After the appellants had been handcuffed, Landy offered to give the officers money if they would allow him and Gunkel to get out of town, at the same time declaring, "We haven't done anything in your town." In the meantime, one of the officers had found Gunkel's wallet, and the money therein, consisting of a roll of bills, was exposed to view. Landy told the officers to look under the pillow, where they would find more money. The pillow was turned back, and another roll of bills was found, among them being seventy dollars in Canadian currency. Landy then asked: "Now, will you let us get out of town?" He was told that he and his companion would be taken to jail.
The officers then searched the room and found a .45-caliber automatic pistol, fully loaded, four cartridge clips, three boxes of shells, a leather-bound sap, also an old .45 Colt revolver in a suitcase, and a canvas sack which was later identified as one of the sacks that had been taken in the robbery. All of these articles were retained by the police until the time of trial.
An information charging appellants with robbery was filed February 19, 1936. A list of the state's witnesses was filed March 2, 1936. The trial took place April 7, 1936.
Upon the trial, the events leading up to, and including, the commission of the crime and the subsequent escape were related in detail. Landy was identified positively as one of the robbers. As to Gunkel, there was sufficient evidence of identification to make the question an issue of fact for the jury. Neither of the defendants testified.
One of the detectives was called by the state to testify concerning the arrests and the search of appellants' room. After he had told how the entrance to the hotel room had been effected and how he had taken the pistol from Landy, the state offered the gun in evidence as an exhibit. Appellants' counsel then asked permission to interrogate the witness "on voir dire." In response to counsel's questions, the witness testified that the officers did not have a search warrant at the time of the arrests; and further, that they then had no information indicating any connection between the appellants and the particular robbery. What information or evidence they had concerning appellants' connection with some other crime or crimes, committed in Spokane, does not specifically appear from the record, but it does appear therefrom that appellants were under suspicion and that the police authorities were acting under information concerning the two men with reference to a crime or crimes thought to have been committed by them in Spokane.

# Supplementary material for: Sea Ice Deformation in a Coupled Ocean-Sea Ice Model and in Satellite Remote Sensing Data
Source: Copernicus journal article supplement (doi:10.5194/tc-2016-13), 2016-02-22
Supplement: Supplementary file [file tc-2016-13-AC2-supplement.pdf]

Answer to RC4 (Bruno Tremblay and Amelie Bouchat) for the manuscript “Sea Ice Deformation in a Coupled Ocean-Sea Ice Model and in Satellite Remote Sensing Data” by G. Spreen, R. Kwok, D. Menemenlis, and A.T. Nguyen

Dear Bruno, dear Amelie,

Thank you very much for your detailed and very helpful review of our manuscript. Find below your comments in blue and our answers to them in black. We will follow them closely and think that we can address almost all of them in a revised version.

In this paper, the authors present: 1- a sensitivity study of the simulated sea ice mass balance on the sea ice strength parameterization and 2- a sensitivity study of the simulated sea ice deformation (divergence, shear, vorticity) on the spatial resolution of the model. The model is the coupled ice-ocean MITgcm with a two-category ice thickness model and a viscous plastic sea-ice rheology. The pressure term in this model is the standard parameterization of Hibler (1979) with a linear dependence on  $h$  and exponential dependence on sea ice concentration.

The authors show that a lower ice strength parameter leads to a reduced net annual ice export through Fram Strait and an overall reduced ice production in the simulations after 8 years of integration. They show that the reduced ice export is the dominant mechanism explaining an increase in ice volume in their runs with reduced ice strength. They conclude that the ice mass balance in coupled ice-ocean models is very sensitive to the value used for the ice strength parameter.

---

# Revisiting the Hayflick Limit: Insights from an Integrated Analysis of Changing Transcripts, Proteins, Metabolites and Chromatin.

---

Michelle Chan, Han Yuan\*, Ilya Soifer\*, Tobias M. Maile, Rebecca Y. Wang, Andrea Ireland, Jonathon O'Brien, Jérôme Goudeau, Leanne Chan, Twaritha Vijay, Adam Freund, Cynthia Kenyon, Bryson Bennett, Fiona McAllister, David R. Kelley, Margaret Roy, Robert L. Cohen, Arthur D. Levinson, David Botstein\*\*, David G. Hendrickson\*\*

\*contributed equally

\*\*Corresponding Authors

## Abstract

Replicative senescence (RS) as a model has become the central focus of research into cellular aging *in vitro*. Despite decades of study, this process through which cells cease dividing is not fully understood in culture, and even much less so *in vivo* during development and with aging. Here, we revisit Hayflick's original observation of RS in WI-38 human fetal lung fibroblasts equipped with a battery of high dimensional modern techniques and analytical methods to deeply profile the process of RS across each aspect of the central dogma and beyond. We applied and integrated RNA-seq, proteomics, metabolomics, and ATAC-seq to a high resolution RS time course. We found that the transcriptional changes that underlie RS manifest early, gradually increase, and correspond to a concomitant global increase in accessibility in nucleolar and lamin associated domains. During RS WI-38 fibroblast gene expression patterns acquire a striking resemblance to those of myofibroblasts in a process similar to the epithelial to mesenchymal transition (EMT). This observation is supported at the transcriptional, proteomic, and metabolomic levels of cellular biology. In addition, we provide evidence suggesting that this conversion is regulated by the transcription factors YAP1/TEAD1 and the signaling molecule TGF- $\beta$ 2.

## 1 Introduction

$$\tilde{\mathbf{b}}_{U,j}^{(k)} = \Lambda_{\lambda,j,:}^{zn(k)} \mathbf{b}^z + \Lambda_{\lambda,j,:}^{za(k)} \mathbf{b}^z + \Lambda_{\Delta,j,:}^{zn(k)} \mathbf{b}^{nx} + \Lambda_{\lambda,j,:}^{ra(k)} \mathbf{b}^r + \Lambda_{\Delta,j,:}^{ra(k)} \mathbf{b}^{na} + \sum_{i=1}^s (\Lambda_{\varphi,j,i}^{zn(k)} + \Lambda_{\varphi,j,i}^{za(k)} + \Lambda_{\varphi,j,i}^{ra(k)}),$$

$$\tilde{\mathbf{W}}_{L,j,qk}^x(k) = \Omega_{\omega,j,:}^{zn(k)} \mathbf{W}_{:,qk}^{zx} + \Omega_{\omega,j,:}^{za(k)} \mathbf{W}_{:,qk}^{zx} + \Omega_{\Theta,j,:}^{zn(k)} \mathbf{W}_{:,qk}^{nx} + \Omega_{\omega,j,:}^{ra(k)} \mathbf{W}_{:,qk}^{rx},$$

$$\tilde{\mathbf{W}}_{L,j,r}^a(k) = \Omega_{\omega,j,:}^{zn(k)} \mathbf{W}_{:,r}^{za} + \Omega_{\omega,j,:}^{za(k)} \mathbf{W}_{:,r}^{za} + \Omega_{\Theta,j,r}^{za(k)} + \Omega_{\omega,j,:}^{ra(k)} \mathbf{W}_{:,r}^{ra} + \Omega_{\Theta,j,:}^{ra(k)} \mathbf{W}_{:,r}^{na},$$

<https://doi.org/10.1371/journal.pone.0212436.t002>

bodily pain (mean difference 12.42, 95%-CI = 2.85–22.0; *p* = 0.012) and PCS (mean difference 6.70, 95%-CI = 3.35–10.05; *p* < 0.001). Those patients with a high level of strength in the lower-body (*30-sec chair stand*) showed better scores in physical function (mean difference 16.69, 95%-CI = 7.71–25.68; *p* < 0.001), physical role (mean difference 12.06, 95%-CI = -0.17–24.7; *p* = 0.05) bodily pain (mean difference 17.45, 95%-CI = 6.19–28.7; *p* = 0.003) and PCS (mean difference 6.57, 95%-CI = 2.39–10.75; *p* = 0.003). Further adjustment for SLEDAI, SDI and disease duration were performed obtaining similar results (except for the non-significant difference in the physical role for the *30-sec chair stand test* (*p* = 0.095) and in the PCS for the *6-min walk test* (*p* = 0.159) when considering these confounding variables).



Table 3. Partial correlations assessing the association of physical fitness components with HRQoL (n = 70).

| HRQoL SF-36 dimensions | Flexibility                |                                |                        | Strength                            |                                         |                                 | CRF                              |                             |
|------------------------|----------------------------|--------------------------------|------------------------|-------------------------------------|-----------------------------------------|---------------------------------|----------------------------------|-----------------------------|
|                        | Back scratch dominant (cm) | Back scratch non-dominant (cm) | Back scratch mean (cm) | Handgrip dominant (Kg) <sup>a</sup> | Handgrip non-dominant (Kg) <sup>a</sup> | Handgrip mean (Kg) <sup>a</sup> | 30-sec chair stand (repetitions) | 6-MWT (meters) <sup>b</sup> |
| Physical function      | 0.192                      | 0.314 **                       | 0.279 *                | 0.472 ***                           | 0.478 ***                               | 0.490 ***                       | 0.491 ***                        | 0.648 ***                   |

At the conclusion of his interrogation, counsel for appellants objected to the admission of the gun in evidence and announced, also, that he would object to the introduction of any of the other articles above named. The court took the offer of the state, and the objection of the appellants, under advisement until the following morning, and then, after overruling appellants' objection, admitted the gun and, subsequently, the other articles, in evidence, on the ground that no motion to suppress the evidence had been timely made. This constitutes the basis of the first group of assignments of error.
The record discloses that there was considerable argument between counsel concerning the search and the manner in which the articles had been obtained. While the argument is not set forth with completeness in the statement of facts, it does appear from the remarks of both the court and the prosecutor that it would have been necessary for the state to procure affidavits in order to show that there were reasonable grounds for making the arrests, and that to obtain such affidavits would require time.  Appellants' contention is rested, fundamentally, upon the protection afforded by the Federal and state constitutions and state statutes against unlawful searches and compulsory evidence. Fourth and fifth amendments to the United States constitution; Art. I, §§ 7 and 9, Washington constitution; Rem. Rev. Stat., §§ 2240-1, 2240-2 [P.C. §§ 9358-1, 9358-2].